Why is Iceland Called Iceland?
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If you’re wondering why Iceland is called Iceland, you’re not alone – there are a lot of people who wonder the same thing. It’s a confusing topic, especially when you discover that Iceland is in fact not covered with ice, but a surprisingly green and verdant country. When you throw Greenland into the mix – a country that is, in fact, covered with ice – things become even more confusing. So why then is Iceland called Iceland? This article will go over some of the myths, stories, and legend about the reasons. Let’s dive in.
A Viking Trick to Send Pirates to Greenland?
One of the most common myths about the naming of Iceland is that the Vikings did it to make sure that any pirates in the area would raid Greenland instead. Hearing both country names on a ship sailing into the rough northern seas, which one would you likely raid? The name Iceland conjures up images of a country covered in, well, ice. Pirates would have likely come to the same conclusion, sailing instead to Greenland in search of greener pastures for their raiding.
Another story like this goes that the Vikings simply wanted to discourage further migration to their wonderful country. But is there any truth to either of these stories? Turns out there isn’t. While the names of the two countries could be switched and nothing would seem amiss, it’s far more likely that the countries were named for the environments that the Viking explorers discovered in each.
The Art of Naming Things as a Viking
The early Norse explorers had a very literal way of naming things. One of the best examples is when Leif Eiríksson sailed to the eastern edge of Canada, discovered a countryside filled with wild grapes growing along the shore. As a result, the location was called ‘Vinland’ – literally translating to ‘Wine Land’.
The Discovery of Greenland
Greenland was named in much the same way. An explorer called Erik the Red, Leif’s father, discovered Greenland around the year 982 after being banished from Iceland after murdering three people. Landing in the southwestern corner of the country, he discovered a surprisingly area of green grass and verdant soil, and simply called the land Greenland. The Sagas tell us that it was an attempt to draw further settlers to the shores, but the historical data from the time also tells us that Greenland was enjoying a much milder climate during those years, so it’s very likely a mix of both. Erik had discovered one of the country’s most verdant corners (little did he know that the majority of Greenland was covered in ice) and wanted to draw further settlers past Iceland to his new country.
Iceland’s First Explorers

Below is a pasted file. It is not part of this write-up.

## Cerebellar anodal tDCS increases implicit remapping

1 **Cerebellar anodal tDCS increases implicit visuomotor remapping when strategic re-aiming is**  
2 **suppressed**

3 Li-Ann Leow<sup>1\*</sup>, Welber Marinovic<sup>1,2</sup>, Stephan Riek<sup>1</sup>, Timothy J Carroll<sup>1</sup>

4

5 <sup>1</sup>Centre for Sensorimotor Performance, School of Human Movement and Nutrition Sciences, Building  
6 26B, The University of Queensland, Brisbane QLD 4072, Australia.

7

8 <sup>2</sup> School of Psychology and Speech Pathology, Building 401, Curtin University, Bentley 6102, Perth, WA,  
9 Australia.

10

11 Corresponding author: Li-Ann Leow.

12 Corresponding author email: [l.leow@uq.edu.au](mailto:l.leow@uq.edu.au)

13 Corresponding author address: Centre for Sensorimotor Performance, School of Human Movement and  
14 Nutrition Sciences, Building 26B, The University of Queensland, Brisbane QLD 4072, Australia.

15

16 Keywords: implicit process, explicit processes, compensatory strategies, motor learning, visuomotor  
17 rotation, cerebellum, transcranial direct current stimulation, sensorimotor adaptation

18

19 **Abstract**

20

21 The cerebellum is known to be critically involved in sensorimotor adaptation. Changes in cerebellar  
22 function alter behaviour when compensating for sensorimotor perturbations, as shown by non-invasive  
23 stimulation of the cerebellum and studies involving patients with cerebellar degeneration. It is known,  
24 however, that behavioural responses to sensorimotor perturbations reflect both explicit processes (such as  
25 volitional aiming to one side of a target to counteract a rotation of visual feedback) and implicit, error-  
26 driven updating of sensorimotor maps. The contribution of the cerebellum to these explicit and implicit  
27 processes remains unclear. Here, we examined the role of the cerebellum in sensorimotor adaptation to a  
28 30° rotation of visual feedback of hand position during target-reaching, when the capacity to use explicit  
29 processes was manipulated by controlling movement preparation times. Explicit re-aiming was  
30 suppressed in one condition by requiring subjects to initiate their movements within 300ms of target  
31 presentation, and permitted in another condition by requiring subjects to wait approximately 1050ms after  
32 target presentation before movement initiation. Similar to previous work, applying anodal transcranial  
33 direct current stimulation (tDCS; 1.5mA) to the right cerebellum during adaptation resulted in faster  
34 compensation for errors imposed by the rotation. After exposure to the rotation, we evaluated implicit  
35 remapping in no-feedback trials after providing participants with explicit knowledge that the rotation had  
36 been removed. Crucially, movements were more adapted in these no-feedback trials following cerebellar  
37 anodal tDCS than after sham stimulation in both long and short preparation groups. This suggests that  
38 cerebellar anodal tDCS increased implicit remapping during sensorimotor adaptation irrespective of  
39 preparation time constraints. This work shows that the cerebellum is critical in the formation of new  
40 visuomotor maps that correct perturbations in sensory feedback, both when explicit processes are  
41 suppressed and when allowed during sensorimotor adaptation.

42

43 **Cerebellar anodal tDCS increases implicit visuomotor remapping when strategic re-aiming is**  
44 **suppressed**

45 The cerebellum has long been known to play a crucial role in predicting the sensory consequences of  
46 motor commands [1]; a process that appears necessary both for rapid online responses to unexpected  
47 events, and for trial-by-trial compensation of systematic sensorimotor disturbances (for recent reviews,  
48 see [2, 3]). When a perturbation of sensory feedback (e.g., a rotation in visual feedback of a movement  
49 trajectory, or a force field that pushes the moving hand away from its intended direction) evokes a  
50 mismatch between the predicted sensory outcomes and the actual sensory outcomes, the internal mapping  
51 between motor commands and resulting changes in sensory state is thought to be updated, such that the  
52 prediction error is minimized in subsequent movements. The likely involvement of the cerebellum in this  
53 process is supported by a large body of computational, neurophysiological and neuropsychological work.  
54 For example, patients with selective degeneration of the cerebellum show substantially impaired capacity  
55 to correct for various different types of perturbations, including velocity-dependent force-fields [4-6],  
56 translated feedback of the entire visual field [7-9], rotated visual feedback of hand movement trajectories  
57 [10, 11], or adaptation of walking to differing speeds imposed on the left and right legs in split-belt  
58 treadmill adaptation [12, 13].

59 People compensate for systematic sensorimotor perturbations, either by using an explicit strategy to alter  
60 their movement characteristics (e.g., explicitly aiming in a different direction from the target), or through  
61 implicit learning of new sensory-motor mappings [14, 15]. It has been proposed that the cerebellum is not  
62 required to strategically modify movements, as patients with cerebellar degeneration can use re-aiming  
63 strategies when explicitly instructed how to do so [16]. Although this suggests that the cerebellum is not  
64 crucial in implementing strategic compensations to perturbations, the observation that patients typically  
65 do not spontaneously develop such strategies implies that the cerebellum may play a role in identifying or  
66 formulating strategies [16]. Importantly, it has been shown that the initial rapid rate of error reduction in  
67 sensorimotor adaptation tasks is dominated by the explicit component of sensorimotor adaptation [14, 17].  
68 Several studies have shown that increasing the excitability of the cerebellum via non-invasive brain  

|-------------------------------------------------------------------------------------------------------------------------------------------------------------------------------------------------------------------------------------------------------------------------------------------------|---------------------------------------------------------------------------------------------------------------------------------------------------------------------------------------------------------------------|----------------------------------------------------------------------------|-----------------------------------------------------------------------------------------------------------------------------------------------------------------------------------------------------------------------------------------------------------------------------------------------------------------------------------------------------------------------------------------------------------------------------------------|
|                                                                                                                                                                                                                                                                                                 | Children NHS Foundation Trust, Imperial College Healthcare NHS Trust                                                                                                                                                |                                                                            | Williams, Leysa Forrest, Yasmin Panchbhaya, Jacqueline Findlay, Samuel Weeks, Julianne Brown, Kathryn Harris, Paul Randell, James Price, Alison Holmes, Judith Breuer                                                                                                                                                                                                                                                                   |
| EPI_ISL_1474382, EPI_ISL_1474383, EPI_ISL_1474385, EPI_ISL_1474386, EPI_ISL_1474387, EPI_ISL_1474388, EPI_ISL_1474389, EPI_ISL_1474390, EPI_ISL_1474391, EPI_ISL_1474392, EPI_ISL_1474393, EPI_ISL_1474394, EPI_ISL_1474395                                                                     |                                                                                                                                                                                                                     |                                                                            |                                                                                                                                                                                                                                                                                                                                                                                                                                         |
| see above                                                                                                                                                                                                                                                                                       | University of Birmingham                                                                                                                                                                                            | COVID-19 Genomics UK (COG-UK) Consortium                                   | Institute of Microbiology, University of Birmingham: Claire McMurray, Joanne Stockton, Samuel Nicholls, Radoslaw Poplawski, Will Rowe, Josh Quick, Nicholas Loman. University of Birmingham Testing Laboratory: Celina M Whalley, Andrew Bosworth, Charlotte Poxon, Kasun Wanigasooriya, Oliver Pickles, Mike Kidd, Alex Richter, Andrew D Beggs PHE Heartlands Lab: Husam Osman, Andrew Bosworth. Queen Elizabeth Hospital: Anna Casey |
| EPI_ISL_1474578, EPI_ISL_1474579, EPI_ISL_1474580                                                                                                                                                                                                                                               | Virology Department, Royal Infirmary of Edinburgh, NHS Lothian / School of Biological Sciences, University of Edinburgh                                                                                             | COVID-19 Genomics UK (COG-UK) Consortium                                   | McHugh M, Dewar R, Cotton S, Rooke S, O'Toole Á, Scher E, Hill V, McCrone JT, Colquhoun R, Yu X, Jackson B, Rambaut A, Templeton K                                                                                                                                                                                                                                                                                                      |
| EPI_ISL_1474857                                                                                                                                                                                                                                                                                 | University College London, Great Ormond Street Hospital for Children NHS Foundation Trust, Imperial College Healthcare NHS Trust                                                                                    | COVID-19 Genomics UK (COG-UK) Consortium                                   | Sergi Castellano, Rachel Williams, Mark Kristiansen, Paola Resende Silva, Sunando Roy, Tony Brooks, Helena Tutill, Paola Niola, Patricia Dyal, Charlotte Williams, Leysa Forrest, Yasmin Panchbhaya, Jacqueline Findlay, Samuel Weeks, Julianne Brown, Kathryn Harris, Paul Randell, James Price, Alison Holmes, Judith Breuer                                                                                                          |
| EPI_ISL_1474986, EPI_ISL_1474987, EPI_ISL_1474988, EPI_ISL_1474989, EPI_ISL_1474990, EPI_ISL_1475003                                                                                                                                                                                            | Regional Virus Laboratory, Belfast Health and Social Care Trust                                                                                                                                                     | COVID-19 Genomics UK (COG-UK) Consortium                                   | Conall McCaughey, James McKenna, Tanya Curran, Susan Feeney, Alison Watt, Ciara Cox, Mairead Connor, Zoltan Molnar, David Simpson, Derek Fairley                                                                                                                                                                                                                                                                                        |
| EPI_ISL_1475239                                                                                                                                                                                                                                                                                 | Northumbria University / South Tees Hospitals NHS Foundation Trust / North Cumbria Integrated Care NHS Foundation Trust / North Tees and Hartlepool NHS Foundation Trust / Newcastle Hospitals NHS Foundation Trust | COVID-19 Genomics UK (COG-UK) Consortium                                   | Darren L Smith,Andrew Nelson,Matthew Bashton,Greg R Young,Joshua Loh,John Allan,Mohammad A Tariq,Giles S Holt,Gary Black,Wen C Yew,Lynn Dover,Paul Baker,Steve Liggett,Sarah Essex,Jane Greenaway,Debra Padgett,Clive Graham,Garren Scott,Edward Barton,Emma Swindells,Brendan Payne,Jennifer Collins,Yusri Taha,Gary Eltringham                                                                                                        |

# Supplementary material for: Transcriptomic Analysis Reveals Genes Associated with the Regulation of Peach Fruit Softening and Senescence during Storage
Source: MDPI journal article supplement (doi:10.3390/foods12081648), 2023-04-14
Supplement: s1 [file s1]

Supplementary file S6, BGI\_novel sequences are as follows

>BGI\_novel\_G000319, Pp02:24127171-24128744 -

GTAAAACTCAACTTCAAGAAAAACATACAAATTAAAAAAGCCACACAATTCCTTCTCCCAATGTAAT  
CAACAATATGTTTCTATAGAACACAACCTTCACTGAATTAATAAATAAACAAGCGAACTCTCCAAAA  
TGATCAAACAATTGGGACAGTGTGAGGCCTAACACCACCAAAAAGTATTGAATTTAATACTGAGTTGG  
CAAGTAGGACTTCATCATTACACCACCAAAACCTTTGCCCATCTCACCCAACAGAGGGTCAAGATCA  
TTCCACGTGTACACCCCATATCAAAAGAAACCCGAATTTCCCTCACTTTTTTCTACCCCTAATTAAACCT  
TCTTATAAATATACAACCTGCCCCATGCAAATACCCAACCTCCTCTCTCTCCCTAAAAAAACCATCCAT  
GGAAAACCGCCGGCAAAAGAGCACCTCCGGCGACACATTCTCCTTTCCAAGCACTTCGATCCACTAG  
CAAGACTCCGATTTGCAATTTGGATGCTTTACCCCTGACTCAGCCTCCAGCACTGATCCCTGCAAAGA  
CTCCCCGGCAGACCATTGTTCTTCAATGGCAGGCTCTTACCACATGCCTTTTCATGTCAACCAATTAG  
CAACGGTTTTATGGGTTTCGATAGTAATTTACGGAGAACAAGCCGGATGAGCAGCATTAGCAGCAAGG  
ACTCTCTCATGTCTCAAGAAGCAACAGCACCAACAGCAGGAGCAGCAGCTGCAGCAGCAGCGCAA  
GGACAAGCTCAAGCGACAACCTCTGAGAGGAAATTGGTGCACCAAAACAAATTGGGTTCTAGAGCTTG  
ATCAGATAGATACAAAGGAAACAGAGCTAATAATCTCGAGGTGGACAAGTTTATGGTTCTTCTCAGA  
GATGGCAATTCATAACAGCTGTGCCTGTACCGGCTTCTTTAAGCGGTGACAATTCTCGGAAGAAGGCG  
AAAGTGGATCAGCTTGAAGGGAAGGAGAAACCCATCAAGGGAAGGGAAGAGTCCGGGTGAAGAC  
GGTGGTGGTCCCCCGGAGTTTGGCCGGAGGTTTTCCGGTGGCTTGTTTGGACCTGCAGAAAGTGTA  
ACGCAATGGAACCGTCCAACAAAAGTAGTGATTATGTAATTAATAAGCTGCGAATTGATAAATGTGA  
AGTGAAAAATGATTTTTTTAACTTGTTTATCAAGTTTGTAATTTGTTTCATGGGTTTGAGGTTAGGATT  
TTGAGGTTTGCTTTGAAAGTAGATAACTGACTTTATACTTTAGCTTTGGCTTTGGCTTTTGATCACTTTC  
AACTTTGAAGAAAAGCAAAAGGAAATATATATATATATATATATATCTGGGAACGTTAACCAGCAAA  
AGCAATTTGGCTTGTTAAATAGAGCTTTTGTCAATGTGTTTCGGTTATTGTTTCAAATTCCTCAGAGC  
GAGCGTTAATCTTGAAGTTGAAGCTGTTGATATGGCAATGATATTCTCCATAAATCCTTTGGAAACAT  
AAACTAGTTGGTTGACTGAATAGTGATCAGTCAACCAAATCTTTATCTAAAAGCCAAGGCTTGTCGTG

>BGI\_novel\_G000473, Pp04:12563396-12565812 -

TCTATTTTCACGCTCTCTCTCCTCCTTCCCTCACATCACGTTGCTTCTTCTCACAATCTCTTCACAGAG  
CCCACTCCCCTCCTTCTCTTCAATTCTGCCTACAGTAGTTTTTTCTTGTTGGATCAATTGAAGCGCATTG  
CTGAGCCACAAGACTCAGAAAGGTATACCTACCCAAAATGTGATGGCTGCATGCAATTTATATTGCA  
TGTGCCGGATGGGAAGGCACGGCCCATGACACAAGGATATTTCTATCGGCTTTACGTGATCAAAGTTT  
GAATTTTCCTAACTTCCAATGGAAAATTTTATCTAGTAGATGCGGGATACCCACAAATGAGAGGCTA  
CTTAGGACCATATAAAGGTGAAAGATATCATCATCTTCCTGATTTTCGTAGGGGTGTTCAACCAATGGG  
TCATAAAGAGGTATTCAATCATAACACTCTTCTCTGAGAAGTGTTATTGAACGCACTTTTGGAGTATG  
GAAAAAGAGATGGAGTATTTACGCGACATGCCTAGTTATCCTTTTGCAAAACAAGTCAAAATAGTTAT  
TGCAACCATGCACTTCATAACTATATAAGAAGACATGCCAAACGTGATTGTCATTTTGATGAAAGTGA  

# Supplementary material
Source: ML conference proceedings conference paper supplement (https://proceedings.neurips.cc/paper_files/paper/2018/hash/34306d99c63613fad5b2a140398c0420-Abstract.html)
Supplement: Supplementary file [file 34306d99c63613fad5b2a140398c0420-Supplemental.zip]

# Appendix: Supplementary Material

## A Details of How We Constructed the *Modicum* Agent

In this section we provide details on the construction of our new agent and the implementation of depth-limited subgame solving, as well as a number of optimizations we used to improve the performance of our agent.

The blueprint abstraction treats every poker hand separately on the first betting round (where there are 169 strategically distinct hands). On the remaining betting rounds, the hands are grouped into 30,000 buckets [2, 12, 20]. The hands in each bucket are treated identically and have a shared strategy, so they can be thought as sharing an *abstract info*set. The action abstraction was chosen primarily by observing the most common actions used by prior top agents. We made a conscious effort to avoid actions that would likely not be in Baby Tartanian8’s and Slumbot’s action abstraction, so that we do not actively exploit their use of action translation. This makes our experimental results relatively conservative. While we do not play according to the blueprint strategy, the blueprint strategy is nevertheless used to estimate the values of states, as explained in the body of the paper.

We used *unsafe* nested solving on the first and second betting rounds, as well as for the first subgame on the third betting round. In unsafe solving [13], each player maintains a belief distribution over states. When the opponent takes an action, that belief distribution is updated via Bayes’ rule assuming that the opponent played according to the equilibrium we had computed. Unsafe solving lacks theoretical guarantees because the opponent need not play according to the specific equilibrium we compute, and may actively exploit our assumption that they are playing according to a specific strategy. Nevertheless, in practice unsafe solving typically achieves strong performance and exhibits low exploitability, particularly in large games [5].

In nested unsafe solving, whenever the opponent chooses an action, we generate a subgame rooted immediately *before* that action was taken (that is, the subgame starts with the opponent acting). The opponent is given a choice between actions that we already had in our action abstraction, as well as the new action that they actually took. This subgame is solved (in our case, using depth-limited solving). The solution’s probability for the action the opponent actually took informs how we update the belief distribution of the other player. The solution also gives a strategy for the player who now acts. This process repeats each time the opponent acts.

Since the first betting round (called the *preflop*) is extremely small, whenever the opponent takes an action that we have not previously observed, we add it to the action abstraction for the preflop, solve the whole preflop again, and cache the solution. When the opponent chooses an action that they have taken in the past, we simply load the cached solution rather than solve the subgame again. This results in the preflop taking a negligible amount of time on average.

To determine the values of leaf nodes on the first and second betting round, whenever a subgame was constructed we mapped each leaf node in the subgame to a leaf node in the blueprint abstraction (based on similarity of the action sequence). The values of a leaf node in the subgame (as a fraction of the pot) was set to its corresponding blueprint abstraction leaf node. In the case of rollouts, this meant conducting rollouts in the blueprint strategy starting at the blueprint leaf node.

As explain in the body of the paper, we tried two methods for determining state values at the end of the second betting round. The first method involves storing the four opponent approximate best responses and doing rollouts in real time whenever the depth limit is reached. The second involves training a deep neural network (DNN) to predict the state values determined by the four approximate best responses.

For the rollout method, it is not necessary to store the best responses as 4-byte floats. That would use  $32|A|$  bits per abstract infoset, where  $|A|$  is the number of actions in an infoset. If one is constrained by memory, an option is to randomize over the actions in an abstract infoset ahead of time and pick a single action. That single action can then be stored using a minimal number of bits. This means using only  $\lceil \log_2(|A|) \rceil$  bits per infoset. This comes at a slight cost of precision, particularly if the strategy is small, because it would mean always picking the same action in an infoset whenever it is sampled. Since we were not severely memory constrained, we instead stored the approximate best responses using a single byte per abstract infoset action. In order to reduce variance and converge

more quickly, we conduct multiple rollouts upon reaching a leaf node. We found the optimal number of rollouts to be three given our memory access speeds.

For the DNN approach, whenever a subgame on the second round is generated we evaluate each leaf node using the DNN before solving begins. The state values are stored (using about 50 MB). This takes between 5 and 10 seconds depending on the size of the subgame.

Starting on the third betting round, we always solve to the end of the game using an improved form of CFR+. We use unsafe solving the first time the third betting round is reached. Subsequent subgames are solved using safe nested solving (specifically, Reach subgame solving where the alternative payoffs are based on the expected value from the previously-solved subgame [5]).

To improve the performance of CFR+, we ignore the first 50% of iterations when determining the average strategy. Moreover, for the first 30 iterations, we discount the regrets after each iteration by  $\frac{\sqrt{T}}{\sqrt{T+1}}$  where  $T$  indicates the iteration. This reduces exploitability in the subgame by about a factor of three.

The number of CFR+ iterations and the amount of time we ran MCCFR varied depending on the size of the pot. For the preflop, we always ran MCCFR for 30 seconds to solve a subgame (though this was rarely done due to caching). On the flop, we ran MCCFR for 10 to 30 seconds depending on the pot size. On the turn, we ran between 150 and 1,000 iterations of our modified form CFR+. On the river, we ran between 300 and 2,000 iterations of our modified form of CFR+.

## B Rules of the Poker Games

And now, onto Iceland. The Icelandic Sagas tell us that an explorer by the name of Naddador was one of the first to reach Iceland. In the same way that Vinland and Greenland were named, Naddador named the country Snæland, or “Snow Land”, because it was snowing at the time of his arrival.
Another Norse explorer called Garðar Svavarsson arrived after Naddador, this time from Sweden. He called Iceland Garðarshólmur (Garðar’s Isle). But neither name stuck – it wasn’t until another Viking explorer landed in the country that Iceland would be called the name as we know it today.
Hrafna-Flóki Gives Iceland Its Name
Hrafna-Flóki is one of the most famous Norse explorers, featuring heavily in the Icelandic Sagas. Another of the first to step foot on Icelandic shores, he famously used three ravens to navigate to the country, releasing them at different stages of his journey in an attempt for them to lead him to Iceland. Eventually, he landed and set up a camp in what is now known as Flókalundur in the Westfjords.
What followed is a story of terrible luck. Iceland was going through a particularly harsh winter, and Flóki and his crew did not fare well. Their livestock very quickly died, and even Flóki’s daughter drowned enroute to the camp with more supplies. The crew grew frustrated, depressed, and bitter, Flóki most of all.
The Icelandic Sagas then tell us the story of Flóki climbing a nearby mountain, only to see the next fjord over (Arnarfjörður) filled with ice. Fed up with it all, it was the last straw for Flóki, who gave the island its present name before sailing back to Norway, warning everybody who listened to stay away from Iceland.
Why Did People Move to a Place Called Iceland?
So why then did people decide to move from Norway to Iceland? While Flóki was lamenting about the terrible winters and ice in the country, one of his crew named Thorolf described the country in a much different light, talking about ‘butter practically dripping off the blades of grass’. This decidedly optimistic outlook toward Iceland as a place to settle might have been the deciding factor for Ingólfur Arnarson, the first permanent settler in Iceland. After he arrived, soon thousands would make the journey in search of a new life – the Settlement Era, written about in the Icelandic Sagas.
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